8.1 This unit is about Lake Baikal and its reserve. Can you remember:
a) where Baikal is?
b) how deep Baikal is?
c) what lakes may be compared with Baikal?
8.2 You are going to read a passage from the article “The World’s Great Lake», by Don Belt, an American journalist. The following words are in the order in which they appear in the passage. Check that you know what they mean.
Crown jewel of Russia’s natural inheritance, Baikal is the world’s oldest and deepest lake – an environmental battleground and a godsend in hard times.
The snows of Siberia come to Lake Baikal in early October. By November the lake itself begins to freeze. With the average winter temperature around minus 20˚C (0˚F), the ice gets thick enough – well over a metre – to support truck convoys laden with supplies for the more remote towns along Baikal’s shore. In 1904, during the Russo – Japanese War, sections of railway track were even laid across the ice to transport more than 2,000 flatcars and 65 locomotives to the battlefront.
By mid-April the ice, begins to thaw and break apart, hacked to pieces by furious squalls that roar down river valleys on winds reaching 160 kilometres an hour. Then in May, after a scout plane confirms that it is clear enough of ice, several hundred ships – tugboats, timber barges, research vessels, and fishing boats – resume their labours on the world’s great lake. So huge and volatile is Baikal that sailors here talk in spring of ‘going to sea’.
Still remarkably clean, Baikal nevertheless feels the effects of air and water pollution from various sources, including industries around Irkutsk and from the Selenga River, which provides half the water flowing into Baikal. Most controversy centres on the effluent from a cellulose plant at Baikalsk.
In 1957, when the public first heard about plans for this factory, people began to protest. Local scientists, writers, fishermen and ordinary citizens banded together, to fight the plant, igniting an environmental movement. After years of protest, the lake’s defenders were rewarded in April 1987, when the Soviet government issued a comprehensive decree protecting Lake Baikal. Among other things, it abolished logging anywhere close to the lakeshore and decreed that the cellulose plant be ‘reprofiled’ for activities harmless to the environment by 1993. Meanwhile the dumping of industrial waste into Baikal continues, and bilious smoke still rises from the plant 24 hours a day. The Baikalsk Cellulose-Paper Plant pollutes only a tiny portion of the lake, but that does mollify many Russians. Baikalsk has become a national symbol of the dangers facing our environment. Less publicized but just as threatening are coal-fired power plants which may do as much harm by causing acid rain.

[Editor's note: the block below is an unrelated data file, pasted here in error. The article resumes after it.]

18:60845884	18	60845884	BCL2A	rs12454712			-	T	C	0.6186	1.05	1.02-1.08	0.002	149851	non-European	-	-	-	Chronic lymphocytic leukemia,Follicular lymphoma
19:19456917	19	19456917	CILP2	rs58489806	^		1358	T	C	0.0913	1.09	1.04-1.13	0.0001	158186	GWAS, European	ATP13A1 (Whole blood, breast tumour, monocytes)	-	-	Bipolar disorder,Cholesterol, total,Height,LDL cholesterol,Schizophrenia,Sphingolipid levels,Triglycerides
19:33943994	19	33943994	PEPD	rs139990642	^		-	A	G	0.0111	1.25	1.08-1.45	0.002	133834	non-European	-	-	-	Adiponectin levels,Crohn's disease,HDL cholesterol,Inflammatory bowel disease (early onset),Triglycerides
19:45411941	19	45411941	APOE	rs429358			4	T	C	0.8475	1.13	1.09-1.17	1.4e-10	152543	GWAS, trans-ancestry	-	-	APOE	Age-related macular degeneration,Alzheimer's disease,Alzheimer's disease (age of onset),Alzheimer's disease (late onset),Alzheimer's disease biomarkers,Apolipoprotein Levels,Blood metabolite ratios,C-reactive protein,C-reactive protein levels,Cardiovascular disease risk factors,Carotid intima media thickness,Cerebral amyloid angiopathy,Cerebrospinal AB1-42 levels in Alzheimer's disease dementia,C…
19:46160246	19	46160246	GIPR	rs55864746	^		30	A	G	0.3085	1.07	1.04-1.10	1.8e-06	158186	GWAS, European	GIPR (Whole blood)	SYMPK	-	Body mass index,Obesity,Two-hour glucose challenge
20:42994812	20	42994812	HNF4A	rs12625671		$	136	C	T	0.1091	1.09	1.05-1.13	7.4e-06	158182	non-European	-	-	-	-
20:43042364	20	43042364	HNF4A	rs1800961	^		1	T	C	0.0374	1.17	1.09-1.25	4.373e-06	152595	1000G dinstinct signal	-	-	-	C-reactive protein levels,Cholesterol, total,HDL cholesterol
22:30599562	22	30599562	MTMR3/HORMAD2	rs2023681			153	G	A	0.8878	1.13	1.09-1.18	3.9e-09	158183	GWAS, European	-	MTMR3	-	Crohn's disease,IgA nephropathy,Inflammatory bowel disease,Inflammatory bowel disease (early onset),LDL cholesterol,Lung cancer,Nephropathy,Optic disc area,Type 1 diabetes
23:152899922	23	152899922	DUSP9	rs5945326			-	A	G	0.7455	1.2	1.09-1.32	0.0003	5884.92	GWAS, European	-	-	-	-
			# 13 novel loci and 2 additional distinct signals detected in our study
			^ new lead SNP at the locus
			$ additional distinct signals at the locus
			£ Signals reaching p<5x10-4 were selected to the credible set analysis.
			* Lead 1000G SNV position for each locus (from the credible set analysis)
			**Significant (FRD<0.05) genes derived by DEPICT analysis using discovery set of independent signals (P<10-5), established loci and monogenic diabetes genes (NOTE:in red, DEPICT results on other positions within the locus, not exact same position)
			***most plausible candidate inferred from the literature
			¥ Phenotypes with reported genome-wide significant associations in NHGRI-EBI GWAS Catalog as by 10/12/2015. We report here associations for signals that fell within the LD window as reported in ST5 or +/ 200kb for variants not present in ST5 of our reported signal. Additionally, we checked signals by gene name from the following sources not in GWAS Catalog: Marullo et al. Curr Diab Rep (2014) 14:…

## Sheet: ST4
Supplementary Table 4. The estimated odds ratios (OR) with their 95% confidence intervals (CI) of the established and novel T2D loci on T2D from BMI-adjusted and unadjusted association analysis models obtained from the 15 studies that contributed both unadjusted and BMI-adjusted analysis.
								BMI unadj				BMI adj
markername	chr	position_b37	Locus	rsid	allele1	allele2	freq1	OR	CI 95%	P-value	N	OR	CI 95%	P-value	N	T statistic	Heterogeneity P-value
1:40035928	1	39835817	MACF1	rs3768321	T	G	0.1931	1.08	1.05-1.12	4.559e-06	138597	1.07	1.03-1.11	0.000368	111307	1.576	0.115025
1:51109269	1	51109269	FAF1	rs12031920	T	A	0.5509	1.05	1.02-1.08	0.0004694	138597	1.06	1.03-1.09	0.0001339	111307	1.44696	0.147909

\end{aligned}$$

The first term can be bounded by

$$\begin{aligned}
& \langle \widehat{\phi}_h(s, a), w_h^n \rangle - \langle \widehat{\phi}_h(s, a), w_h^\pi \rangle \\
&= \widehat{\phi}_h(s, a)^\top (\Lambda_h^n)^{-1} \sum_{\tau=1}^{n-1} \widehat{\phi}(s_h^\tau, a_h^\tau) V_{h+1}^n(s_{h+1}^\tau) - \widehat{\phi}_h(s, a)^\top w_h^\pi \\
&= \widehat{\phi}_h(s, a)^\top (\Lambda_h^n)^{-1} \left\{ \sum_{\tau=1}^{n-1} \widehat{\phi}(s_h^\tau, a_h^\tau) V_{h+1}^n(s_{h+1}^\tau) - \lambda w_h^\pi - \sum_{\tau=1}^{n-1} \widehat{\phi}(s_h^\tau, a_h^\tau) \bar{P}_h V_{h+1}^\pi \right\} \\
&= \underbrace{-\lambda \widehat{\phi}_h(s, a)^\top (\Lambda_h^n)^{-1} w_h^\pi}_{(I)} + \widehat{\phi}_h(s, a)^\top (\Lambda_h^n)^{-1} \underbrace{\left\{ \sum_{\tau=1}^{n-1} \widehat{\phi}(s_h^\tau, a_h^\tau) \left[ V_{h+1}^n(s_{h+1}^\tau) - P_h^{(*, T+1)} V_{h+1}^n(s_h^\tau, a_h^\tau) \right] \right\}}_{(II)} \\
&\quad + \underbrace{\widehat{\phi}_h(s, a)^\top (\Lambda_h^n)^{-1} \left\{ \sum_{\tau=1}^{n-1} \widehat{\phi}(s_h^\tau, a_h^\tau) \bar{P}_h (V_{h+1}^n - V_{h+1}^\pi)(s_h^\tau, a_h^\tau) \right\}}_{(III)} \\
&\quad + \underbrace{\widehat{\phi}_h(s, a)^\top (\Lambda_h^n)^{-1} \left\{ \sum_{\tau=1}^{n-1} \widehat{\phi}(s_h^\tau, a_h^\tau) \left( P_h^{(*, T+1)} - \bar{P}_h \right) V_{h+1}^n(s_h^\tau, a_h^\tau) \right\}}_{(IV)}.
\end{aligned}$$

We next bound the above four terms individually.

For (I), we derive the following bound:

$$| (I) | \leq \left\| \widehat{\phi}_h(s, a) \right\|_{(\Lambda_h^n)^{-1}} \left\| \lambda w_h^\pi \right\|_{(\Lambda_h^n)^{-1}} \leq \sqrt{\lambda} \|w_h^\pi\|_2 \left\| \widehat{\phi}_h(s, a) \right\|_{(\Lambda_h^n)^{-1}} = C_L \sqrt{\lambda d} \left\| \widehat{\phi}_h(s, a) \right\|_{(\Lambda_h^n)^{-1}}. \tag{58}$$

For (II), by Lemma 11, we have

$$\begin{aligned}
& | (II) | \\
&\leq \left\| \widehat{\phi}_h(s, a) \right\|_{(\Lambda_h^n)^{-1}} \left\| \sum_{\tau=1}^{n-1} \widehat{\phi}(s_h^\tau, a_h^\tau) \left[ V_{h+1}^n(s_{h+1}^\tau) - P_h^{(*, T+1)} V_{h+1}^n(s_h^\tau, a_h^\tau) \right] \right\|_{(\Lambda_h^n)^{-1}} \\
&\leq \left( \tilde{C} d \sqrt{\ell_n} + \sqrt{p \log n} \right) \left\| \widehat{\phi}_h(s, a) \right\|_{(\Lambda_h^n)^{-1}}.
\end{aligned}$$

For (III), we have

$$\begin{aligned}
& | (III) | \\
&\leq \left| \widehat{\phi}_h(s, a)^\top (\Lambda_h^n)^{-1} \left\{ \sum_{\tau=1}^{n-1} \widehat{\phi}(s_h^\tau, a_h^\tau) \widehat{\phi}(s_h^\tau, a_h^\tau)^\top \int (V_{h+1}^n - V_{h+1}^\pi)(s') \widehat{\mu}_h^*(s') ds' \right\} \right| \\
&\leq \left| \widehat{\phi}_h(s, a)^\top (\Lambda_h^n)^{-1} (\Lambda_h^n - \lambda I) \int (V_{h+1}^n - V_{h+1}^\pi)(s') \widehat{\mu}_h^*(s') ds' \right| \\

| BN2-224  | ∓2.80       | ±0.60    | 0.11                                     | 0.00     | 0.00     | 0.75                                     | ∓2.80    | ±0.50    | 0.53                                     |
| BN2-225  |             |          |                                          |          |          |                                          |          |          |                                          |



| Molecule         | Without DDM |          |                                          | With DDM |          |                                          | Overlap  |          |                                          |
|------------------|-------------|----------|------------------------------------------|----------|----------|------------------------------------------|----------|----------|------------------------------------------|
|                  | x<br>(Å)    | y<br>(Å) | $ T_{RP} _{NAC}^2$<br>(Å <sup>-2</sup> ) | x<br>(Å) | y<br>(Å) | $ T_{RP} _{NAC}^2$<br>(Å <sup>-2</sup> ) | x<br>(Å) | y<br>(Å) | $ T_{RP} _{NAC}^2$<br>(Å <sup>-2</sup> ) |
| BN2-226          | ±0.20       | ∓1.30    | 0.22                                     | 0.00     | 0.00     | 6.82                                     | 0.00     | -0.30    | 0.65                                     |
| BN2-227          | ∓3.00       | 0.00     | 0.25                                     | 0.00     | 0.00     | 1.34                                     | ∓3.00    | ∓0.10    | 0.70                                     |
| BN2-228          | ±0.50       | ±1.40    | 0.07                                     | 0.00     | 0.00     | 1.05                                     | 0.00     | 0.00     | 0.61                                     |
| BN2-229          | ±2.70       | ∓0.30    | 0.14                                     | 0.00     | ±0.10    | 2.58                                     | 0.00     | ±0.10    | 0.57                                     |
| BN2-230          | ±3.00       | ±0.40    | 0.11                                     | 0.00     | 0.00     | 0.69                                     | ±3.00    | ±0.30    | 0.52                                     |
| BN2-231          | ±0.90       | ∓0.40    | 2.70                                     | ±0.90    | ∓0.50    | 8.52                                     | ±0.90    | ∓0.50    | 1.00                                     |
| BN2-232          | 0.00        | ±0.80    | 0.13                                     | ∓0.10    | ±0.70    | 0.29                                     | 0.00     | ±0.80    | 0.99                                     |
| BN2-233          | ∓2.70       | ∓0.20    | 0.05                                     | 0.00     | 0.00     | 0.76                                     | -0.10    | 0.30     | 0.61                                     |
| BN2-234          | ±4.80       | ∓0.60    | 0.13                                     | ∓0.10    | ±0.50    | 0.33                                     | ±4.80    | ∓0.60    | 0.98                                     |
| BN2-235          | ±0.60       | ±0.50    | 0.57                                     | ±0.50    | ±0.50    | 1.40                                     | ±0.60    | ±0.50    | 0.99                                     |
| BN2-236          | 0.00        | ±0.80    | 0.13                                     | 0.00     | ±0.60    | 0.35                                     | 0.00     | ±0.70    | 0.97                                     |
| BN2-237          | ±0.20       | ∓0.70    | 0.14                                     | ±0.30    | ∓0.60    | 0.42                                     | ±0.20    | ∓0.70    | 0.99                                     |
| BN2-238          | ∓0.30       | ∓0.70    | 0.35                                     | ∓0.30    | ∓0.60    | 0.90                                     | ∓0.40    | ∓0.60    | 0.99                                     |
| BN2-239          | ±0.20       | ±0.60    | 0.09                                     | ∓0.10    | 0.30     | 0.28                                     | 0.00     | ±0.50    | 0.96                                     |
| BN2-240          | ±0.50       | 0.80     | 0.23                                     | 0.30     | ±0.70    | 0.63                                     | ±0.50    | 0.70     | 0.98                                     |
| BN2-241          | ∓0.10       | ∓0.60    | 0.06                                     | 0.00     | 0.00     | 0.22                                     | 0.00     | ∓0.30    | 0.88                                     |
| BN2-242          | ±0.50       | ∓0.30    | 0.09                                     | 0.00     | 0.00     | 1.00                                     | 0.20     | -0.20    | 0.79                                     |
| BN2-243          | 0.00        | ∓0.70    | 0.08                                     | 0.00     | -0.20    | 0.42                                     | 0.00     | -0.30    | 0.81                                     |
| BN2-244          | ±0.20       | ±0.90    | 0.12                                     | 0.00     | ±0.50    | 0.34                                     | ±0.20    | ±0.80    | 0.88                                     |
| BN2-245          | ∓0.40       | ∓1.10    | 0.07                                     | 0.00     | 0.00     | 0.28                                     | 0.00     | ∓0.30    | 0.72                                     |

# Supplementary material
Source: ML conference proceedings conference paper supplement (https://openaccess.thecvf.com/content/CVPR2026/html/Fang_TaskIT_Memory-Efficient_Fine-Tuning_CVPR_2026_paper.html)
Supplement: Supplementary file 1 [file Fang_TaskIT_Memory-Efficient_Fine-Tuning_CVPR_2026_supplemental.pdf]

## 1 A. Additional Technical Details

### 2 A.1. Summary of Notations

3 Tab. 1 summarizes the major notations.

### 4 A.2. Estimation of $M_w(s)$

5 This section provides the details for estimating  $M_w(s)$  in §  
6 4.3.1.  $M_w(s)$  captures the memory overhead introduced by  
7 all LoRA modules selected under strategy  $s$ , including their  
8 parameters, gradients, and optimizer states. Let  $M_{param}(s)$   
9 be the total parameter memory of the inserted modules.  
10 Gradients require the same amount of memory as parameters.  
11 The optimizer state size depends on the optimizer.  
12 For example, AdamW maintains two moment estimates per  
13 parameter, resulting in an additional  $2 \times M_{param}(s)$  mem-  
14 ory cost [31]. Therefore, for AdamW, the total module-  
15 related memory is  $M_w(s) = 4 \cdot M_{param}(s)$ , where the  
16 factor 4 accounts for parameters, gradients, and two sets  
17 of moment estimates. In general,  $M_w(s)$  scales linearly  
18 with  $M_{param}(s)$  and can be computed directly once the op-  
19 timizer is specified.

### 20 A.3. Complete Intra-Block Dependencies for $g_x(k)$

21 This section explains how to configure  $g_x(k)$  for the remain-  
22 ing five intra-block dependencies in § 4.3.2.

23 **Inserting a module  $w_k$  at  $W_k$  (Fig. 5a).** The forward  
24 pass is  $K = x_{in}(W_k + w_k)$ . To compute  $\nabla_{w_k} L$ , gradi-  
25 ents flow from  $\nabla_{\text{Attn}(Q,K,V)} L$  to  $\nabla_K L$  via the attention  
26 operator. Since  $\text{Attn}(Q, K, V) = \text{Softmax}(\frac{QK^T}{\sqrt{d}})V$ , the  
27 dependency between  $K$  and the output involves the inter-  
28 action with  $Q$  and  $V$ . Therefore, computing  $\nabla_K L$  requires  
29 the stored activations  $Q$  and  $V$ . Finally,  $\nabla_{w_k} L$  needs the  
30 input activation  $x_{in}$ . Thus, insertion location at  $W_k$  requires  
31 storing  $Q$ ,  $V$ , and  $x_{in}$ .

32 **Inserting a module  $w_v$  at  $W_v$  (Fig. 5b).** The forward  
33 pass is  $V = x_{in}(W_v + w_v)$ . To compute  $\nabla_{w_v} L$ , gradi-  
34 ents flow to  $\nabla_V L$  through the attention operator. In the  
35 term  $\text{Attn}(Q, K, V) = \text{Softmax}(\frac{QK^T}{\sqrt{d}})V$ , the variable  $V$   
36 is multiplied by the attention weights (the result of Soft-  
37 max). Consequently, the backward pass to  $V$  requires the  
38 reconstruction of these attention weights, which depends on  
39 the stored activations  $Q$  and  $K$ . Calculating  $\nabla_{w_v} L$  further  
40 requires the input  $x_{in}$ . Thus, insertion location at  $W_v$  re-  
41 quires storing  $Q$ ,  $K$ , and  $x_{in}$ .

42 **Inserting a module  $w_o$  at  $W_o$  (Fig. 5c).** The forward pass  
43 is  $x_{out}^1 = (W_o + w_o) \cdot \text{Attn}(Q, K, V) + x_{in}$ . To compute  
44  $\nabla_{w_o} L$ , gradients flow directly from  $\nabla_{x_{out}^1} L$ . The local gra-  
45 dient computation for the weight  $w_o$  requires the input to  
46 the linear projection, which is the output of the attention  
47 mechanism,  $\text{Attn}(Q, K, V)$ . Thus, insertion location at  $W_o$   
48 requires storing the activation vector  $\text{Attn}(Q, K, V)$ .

Recently the Baikal International Centre for Ecological Research has been founded. Each field season brings more scientists from abroad to study what many consider the world’s most interesting lake. Baikal is indeed a living museum of aquatic plants and animals that have evolved during its life span. It is also incredibly rich in life at all depths. Unlike lakes in hot climates, Baikal mixes thoroughly; as its cold waters sink, they carry oxygen even to the deepest parts of the lake.
Samples taken from the southern end of the lake tell that the cellulose plant pollutes some 200 square kilometres. Scientists are especially alarmed by the presence of chlorinated compounds – they may one day accumulate to toxic levels in the food chain. Because of this plant some even speak of Lake Baikal in the past tense, as if its ecosystem is already dead. Other scientists disagree with that dire conclusion. But there’s no doubt that the plant pollutes the area. Its emissions make Baikalsk one of the most polluted cities in Russia, and forests of larch and pine nearby show unmistakable signs of degradation.
In 1995 the plant discharged 26,000 tons of minerals, 200 tons of suspended substances and 2,500 tons of organic by-products into Lake Baikal.
People say, “We must save Baikal for our children”. Lake Baikal is a symbol, of all the things that give Siberian life its distinct sweetness – the natural beauty, the purity of open air, the hardy generosity of people and the poetry in their collective soul. This is what Russians mean when they talk about the Motherland. And nothing is more precious to them than that.
8.3 Here are some words from the passage. First, decide what part of speech they are: noun, verb or adjective. Then match them with their meanings in the context of the passage.
to transport / huge / to centre / defender / to dump / tiny / to pollute / to face / waste / scout / harmless / span / dire
1 extremely large
2 extremely small
3 extremely terrible
4 to carry from one place to another
5 to be opposite to
6 to make dirty
7 to throw down carelessly
8 to focus
9 somebody or something that is getting information
10 someone who protects
11 unable to cause damage
12 unwanted material
13 a period of time
8.4 Complete the definitions. You may use a dictionary.